I think “Leno” is kinda the worst name for a lace technique ever. Because you don’t think of delicate, sinuous, woven lace; you think of the guy with The Chin. But leno is what they called it.

But what is Leno? I’m so glad you asked.

So in normal plain weave, every thread crosses the fabric going over one, under one thread. This is the structure of my beautiful throw pillow covers, which are pilling sadly.

Leno does something a little crazy. For just one pick (crossways thread), you take these neat weft threads and wrench them out of order.

For this pattern, you take two threads and cross them under the neighbouring two, then pull them up. The next pick is normal, so the strange twist twists back again, making neat little S-shapes.

Now, as you might imagine, going across over 300 threads to make these little crossovers is a bit of a pain. That’s fine if you’re doing just one row of Leno at the end of a tea towel or something, but these are all over Leno lace curtains. So if you’re going to do lots of Leno, there’s a trick. You take all your crossovers, and tie strings around each, then attach the strings to a stick.

These strings are called doups. So, as if the name was not graceless enough, now I’m doing Doup Leno. Oh well. The doups save loads of time by pulling the crosses up to make a different shed whenever I want to do a row of Leno. It’s a pretty shallow shed:

So it’s not super easy to use, but totally doable with a little aid from my handy dandy pickup stick.

I made a pickup stick out of my spare shuttle. By closing the two pronged end with painters tape. Because classy.

The pickup stick serves another purpose, in that you need it to beat the Leno pick. The heddle is behind the other half of the crossover of threads, and so really can’t get down to beat. But the pickup stick is ok at it.

The strings of the doups are long and bendy enough that on the regular picks, the warp can slide into something resembling its regular configuration.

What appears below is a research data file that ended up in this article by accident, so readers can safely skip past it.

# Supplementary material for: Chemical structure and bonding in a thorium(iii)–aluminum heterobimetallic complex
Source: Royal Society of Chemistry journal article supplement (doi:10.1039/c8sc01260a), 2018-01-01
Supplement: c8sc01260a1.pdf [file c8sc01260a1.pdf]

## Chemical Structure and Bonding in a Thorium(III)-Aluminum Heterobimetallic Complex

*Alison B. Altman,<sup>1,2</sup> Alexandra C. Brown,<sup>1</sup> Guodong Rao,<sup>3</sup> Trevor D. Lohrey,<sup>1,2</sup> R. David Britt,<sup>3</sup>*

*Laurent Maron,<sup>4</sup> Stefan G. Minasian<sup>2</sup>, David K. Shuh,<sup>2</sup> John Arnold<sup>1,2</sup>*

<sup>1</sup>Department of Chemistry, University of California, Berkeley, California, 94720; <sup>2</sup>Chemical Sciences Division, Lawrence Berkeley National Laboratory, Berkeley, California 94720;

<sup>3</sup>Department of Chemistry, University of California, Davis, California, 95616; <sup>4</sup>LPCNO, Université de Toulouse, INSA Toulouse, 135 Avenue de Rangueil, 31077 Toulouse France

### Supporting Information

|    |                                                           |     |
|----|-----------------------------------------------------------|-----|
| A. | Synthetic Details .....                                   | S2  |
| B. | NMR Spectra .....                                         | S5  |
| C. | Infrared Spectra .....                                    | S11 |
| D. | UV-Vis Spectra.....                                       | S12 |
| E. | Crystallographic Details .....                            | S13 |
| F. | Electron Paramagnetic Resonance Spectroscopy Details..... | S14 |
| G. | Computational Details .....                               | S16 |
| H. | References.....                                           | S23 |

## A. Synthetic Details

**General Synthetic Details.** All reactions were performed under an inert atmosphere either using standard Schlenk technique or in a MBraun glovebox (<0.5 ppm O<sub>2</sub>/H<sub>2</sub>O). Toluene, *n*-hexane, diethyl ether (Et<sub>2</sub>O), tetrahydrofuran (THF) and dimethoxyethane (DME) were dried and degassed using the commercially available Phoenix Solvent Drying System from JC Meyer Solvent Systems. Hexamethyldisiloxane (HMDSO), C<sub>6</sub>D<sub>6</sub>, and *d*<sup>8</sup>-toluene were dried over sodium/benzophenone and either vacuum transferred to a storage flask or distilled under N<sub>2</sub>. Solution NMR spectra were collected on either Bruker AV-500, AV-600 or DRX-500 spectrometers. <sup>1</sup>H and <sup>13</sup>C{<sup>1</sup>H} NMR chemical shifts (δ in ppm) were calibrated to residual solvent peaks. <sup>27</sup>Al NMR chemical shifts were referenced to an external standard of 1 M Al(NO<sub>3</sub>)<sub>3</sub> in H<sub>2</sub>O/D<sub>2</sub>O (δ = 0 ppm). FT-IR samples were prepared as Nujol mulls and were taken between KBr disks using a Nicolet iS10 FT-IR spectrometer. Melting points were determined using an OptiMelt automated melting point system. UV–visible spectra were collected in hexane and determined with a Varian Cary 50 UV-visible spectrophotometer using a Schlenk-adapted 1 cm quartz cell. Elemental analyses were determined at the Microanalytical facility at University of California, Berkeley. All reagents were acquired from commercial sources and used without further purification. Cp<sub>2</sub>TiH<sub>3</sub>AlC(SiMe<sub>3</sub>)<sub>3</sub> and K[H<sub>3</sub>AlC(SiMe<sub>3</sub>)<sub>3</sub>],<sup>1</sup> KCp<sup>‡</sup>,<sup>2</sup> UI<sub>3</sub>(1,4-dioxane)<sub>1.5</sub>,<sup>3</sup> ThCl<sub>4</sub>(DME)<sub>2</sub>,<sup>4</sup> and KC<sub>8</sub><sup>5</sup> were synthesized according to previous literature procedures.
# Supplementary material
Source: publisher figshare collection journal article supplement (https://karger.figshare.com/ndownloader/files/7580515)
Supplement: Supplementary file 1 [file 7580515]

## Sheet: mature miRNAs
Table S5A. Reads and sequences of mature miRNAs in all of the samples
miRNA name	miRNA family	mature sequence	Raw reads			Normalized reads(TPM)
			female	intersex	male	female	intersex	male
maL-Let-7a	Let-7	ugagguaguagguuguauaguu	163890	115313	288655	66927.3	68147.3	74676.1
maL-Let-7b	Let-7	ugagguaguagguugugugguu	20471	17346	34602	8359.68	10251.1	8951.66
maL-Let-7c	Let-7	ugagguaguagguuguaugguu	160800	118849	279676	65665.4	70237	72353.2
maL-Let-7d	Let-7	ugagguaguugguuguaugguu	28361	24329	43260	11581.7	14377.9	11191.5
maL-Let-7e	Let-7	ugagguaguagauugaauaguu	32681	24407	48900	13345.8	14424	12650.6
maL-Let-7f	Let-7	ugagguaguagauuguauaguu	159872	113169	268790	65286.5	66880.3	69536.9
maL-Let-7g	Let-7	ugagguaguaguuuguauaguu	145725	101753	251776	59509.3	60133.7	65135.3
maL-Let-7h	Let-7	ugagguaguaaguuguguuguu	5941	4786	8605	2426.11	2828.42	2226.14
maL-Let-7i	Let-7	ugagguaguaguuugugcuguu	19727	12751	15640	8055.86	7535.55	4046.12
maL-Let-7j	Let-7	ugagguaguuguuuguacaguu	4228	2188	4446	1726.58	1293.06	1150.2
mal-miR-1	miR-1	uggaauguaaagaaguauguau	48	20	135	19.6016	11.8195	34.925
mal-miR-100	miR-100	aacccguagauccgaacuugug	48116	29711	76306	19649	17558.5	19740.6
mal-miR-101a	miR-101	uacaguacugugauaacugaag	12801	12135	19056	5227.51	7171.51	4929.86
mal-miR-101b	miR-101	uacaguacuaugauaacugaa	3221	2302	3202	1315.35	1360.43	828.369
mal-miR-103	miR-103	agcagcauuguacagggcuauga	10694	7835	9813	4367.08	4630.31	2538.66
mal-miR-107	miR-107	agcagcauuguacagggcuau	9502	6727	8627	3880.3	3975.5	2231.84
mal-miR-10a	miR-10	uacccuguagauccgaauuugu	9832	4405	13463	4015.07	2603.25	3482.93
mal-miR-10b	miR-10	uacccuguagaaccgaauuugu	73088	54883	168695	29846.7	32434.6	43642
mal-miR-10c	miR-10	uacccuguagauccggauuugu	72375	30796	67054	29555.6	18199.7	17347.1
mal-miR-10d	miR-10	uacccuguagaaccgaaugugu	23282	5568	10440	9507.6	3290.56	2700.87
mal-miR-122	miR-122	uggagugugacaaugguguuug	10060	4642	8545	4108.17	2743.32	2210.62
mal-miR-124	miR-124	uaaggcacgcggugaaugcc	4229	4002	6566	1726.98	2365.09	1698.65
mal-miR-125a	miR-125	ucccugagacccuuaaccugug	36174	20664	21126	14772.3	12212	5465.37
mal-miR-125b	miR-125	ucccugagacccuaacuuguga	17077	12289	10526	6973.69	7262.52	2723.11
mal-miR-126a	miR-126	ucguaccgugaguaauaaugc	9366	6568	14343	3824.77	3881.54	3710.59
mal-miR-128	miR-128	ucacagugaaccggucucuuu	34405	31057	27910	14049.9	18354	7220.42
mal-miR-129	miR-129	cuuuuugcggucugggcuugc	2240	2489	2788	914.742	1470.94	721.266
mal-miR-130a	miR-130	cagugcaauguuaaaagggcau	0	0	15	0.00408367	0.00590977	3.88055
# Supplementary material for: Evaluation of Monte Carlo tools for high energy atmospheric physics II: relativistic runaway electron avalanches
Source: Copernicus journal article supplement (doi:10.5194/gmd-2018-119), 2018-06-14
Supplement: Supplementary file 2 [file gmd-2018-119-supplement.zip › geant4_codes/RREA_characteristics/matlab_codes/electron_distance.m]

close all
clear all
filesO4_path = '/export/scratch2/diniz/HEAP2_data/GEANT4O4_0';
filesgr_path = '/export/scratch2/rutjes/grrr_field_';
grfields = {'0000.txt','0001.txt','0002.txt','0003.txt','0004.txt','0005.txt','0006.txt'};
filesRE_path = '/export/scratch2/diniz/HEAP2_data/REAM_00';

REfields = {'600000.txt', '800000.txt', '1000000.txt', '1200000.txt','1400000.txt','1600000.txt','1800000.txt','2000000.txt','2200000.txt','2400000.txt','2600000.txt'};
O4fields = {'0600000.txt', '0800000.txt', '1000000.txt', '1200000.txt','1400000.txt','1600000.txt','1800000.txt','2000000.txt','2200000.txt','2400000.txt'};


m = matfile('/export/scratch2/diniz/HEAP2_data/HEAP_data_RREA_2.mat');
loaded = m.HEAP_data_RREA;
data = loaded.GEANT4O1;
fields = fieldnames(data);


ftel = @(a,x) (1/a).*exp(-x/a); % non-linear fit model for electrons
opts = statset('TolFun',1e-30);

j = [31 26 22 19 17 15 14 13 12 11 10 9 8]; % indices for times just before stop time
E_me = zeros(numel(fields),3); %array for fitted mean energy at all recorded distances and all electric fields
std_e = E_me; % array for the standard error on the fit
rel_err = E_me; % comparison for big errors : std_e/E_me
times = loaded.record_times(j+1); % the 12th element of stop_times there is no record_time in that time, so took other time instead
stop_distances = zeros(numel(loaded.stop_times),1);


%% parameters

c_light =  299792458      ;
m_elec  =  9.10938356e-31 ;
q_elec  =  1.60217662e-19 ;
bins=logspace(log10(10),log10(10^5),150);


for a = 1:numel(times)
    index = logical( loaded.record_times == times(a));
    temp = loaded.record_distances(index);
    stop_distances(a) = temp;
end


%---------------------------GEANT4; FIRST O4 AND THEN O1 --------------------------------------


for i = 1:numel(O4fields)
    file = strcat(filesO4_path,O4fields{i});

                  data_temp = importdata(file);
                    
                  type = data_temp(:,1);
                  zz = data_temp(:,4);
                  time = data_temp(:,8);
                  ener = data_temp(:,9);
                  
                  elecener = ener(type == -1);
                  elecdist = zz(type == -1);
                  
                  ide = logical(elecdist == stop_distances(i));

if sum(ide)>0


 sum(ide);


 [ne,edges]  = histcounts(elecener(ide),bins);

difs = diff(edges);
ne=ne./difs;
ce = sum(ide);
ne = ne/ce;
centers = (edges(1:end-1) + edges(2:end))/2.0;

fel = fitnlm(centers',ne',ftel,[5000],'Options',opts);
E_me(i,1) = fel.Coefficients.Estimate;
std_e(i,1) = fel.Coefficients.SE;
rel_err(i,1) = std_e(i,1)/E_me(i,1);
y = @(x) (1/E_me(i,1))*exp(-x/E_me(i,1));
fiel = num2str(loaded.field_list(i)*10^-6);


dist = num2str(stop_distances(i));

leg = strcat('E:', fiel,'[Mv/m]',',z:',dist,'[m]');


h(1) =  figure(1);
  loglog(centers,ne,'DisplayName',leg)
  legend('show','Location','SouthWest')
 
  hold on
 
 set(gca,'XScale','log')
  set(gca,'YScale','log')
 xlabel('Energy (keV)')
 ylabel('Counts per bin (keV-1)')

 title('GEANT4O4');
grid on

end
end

It’s still a bit fussy; the doups are doing a lot of crossing over and under, and hold some of the floating threads down with them. Before each regular pick I have to push the doup threads back (they are pushed all the way forward whenever I beat with the heddle) and give the heddle a little shake to get the doups to make space. But then I can use the loops of the doups as a sort of guide to make sure I’m catching all the right threads.

I figured out pretty quickly that the up shed is easier than the down shed, so my pattern is one pick of Leno, then up down up.

This makes for a slow process, but fast progress – because the Leno spreads the picks so far apart, it’s only like 5 picks per inch! And I love the pattern.

It is very open. In order to be an effective shade, I will probably have to back the handwoven fabric with some tulle or something. I think I have some I have a valence in the crawl space I can cannibalize.

But for now, I will enjoy this slow, peaceful process, ostensibly to Jane Austen on audiobook, and shake my head ruefully at the name of this clever technique.

3 thoughts on “Leno

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